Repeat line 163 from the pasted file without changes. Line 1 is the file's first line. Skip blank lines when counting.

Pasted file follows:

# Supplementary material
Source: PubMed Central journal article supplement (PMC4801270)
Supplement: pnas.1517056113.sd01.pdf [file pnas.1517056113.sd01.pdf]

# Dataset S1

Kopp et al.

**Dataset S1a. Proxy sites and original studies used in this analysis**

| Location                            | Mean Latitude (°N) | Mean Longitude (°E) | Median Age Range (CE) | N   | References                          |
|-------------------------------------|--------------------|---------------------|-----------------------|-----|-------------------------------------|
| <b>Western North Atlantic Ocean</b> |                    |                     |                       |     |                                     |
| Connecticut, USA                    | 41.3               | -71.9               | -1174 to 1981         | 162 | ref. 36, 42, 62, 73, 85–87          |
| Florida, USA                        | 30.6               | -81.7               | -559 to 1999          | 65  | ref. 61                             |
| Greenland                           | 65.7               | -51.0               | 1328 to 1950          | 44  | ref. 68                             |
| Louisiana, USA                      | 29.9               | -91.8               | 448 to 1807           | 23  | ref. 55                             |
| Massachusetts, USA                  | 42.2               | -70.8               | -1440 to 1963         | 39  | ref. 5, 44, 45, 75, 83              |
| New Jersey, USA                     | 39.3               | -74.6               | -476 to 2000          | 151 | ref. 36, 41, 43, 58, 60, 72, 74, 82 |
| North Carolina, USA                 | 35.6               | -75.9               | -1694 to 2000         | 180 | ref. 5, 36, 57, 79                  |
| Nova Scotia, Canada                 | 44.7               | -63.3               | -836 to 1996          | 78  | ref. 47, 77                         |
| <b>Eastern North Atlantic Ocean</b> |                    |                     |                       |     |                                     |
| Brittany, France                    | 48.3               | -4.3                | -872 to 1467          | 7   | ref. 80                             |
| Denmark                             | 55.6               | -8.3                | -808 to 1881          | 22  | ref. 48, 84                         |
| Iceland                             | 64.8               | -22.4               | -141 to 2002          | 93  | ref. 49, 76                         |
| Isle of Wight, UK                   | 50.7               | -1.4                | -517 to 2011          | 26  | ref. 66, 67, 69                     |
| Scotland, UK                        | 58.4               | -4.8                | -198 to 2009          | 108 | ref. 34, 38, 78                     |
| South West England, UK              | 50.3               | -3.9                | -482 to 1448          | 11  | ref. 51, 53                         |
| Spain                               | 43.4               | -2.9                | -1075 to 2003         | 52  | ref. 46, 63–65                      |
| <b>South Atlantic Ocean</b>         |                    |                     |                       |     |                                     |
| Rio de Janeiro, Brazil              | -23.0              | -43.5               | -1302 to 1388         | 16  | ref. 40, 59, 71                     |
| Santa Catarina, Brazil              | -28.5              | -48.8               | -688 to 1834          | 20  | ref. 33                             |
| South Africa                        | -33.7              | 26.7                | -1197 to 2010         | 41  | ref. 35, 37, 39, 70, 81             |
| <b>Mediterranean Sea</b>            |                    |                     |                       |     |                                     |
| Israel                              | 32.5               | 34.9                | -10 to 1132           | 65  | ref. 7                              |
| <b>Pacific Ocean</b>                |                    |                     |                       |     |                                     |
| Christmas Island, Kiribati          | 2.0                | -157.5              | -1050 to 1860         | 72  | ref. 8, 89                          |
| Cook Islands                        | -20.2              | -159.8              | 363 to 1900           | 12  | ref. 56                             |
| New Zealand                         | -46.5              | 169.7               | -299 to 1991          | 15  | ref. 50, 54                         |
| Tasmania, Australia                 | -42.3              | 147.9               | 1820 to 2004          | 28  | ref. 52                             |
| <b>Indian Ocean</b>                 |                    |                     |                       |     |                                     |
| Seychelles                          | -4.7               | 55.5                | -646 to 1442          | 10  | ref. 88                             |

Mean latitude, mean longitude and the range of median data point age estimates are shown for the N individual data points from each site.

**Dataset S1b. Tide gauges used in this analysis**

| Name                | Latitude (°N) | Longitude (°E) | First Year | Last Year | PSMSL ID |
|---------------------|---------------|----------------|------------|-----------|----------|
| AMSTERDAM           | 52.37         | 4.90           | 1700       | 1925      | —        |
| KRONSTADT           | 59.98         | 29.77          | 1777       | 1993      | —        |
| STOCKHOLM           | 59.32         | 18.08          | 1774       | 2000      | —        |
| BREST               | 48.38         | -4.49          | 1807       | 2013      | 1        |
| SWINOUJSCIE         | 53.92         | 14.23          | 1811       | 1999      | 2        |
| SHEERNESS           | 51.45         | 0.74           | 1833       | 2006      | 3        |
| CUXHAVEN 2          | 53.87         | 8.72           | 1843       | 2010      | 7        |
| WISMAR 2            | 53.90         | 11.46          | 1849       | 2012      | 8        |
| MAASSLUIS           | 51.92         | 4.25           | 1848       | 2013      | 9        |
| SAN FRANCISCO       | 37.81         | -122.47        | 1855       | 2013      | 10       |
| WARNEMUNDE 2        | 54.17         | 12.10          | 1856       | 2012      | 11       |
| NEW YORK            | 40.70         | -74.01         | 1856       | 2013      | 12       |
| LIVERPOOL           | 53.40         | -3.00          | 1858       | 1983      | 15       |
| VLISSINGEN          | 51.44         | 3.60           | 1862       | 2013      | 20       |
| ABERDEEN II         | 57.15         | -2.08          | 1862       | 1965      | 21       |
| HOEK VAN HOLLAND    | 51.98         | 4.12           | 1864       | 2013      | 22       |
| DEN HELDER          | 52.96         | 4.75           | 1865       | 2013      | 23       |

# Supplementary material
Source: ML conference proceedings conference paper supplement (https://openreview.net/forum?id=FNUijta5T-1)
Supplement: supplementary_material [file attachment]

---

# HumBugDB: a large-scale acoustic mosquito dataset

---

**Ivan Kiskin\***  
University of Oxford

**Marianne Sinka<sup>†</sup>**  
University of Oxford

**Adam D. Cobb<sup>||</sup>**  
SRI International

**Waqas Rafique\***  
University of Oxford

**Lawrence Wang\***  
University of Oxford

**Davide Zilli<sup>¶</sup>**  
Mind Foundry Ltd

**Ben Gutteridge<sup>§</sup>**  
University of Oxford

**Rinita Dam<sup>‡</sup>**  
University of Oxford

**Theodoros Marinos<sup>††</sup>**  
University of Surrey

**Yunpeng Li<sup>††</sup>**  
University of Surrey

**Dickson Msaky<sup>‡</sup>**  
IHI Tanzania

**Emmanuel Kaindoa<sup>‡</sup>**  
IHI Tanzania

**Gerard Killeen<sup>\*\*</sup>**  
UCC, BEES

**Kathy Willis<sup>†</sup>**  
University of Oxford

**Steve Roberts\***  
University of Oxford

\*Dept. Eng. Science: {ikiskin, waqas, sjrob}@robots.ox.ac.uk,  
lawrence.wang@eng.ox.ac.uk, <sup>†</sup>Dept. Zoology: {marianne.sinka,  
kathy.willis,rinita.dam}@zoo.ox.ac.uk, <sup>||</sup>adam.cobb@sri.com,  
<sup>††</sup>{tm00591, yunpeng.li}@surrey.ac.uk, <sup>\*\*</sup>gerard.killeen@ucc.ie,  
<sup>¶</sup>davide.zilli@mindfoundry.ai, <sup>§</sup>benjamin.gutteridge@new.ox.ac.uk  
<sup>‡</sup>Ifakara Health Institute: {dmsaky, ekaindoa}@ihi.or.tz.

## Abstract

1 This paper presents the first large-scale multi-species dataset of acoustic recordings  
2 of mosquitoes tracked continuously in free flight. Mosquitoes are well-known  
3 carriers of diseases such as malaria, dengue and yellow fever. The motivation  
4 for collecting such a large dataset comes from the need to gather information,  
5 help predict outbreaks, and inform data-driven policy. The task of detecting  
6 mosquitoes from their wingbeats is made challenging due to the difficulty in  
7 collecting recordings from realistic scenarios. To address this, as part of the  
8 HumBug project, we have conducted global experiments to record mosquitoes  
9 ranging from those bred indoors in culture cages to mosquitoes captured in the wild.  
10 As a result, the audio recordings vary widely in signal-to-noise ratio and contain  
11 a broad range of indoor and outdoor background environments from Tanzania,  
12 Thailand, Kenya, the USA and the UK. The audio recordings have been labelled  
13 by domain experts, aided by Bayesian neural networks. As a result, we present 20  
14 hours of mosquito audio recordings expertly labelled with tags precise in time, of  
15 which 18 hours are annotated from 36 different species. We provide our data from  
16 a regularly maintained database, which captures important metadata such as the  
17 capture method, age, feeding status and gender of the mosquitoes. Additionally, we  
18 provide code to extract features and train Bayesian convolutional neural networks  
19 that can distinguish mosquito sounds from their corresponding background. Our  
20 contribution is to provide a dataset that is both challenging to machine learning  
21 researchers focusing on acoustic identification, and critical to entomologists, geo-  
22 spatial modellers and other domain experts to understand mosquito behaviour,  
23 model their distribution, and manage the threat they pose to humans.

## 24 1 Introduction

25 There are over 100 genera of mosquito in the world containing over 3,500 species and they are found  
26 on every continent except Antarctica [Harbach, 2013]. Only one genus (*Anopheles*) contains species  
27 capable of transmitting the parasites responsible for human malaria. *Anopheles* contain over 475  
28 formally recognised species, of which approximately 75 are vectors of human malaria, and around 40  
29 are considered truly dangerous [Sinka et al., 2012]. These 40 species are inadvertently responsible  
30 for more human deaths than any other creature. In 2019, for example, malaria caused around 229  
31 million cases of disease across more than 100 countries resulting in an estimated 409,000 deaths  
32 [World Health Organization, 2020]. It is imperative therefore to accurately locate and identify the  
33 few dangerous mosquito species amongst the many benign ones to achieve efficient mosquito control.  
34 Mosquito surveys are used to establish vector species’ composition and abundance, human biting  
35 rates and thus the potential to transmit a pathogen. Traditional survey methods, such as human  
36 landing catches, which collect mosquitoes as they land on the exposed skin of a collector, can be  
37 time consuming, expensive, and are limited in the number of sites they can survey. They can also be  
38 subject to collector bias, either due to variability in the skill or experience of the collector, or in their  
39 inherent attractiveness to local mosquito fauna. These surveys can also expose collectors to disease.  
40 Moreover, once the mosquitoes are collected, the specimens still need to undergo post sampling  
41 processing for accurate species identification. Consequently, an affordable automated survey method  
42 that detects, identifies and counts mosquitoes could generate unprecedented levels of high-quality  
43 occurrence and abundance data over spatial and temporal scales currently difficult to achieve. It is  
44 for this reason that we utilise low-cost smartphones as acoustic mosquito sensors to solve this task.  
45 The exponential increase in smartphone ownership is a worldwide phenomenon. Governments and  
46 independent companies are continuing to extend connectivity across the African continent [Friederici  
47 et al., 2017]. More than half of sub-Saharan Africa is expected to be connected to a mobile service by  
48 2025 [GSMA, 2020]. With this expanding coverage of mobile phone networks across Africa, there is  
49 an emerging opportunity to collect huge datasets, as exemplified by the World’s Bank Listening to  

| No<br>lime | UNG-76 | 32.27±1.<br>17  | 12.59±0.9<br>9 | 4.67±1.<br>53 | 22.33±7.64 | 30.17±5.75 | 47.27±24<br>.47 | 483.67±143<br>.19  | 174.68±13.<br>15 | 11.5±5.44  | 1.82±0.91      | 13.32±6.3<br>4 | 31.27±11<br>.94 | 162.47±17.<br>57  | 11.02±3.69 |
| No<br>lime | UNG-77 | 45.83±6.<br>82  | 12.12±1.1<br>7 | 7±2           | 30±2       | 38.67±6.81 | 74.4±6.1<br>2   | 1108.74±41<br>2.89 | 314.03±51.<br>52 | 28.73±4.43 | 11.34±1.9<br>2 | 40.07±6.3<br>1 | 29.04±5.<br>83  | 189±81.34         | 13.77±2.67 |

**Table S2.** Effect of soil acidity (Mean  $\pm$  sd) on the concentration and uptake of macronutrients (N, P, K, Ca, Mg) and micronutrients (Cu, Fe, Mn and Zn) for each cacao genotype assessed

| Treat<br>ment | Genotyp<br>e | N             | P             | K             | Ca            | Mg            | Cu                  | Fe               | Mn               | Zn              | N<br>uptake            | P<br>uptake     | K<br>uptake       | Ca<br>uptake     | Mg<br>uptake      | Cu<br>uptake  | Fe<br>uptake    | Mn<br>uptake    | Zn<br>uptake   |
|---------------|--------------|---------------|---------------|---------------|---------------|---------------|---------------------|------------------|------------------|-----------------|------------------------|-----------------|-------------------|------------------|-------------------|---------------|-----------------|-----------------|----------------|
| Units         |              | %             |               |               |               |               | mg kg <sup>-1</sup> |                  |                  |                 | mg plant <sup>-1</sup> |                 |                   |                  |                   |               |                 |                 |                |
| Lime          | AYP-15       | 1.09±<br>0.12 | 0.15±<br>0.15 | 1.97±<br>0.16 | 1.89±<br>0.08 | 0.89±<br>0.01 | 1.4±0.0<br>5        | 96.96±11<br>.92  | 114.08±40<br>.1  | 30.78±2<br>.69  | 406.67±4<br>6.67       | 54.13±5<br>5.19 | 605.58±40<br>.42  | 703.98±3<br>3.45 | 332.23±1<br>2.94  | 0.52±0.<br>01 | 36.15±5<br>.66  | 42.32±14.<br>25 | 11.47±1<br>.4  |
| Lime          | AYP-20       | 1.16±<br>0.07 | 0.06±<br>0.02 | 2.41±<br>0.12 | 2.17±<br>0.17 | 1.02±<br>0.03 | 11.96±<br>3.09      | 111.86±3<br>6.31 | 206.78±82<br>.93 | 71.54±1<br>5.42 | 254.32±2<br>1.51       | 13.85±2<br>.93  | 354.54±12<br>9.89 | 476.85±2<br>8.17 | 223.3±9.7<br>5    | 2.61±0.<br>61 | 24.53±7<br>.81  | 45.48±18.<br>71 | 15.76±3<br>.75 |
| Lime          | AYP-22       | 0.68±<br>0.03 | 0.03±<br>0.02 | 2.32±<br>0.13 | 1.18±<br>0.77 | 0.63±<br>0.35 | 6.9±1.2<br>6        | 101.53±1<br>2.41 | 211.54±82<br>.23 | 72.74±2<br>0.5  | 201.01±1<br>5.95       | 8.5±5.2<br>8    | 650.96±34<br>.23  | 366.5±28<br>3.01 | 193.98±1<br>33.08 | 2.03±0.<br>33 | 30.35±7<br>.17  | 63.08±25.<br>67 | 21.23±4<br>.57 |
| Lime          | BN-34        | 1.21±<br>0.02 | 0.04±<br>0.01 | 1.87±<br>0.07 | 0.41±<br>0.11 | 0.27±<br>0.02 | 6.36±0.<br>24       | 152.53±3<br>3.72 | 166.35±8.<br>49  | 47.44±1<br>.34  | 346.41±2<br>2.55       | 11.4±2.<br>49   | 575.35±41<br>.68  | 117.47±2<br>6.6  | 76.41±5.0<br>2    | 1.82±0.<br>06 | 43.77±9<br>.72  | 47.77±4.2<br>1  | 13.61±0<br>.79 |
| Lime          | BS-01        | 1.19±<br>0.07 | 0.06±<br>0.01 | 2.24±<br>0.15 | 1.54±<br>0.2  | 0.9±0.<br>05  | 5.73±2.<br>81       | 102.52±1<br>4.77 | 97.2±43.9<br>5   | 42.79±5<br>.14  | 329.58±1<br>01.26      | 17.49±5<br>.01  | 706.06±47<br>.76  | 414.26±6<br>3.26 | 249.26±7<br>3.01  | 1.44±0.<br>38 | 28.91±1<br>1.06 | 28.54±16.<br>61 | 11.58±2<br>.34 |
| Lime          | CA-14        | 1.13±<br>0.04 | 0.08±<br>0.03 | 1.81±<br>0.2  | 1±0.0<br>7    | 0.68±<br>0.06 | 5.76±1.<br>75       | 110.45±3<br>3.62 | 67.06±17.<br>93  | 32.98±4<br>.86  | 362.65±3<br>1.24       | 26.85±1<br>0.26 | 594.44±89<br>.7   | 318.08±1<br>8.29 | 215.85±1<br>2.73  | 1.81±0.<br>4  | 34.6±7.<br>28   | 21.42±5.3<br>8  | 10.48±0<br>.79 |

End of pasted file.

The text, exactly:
| Lime          | CA-14        | 1.13±<br>0.04 | 0.08±<br>0.03 | 1.81±<br>0.2  | 1±0.0<br>7    | 0.68±<br>0.06 | 5.76±1.<br>75       | 110.45±3<br>3.62 | 67.06±17.<br>93  | 32.98±4<br>.86  | 362.65±3<br>1.24       | 26.85±1<br>0.26 | 594.44±89<br>.7   | 318.08±1<br>8.29 | 215.85±1<br>2.73  | 1.81±0.<br>4  | 34.6±7.<br>28   | 21.42±5.3<br>8  | 10.48±0<br>.79 |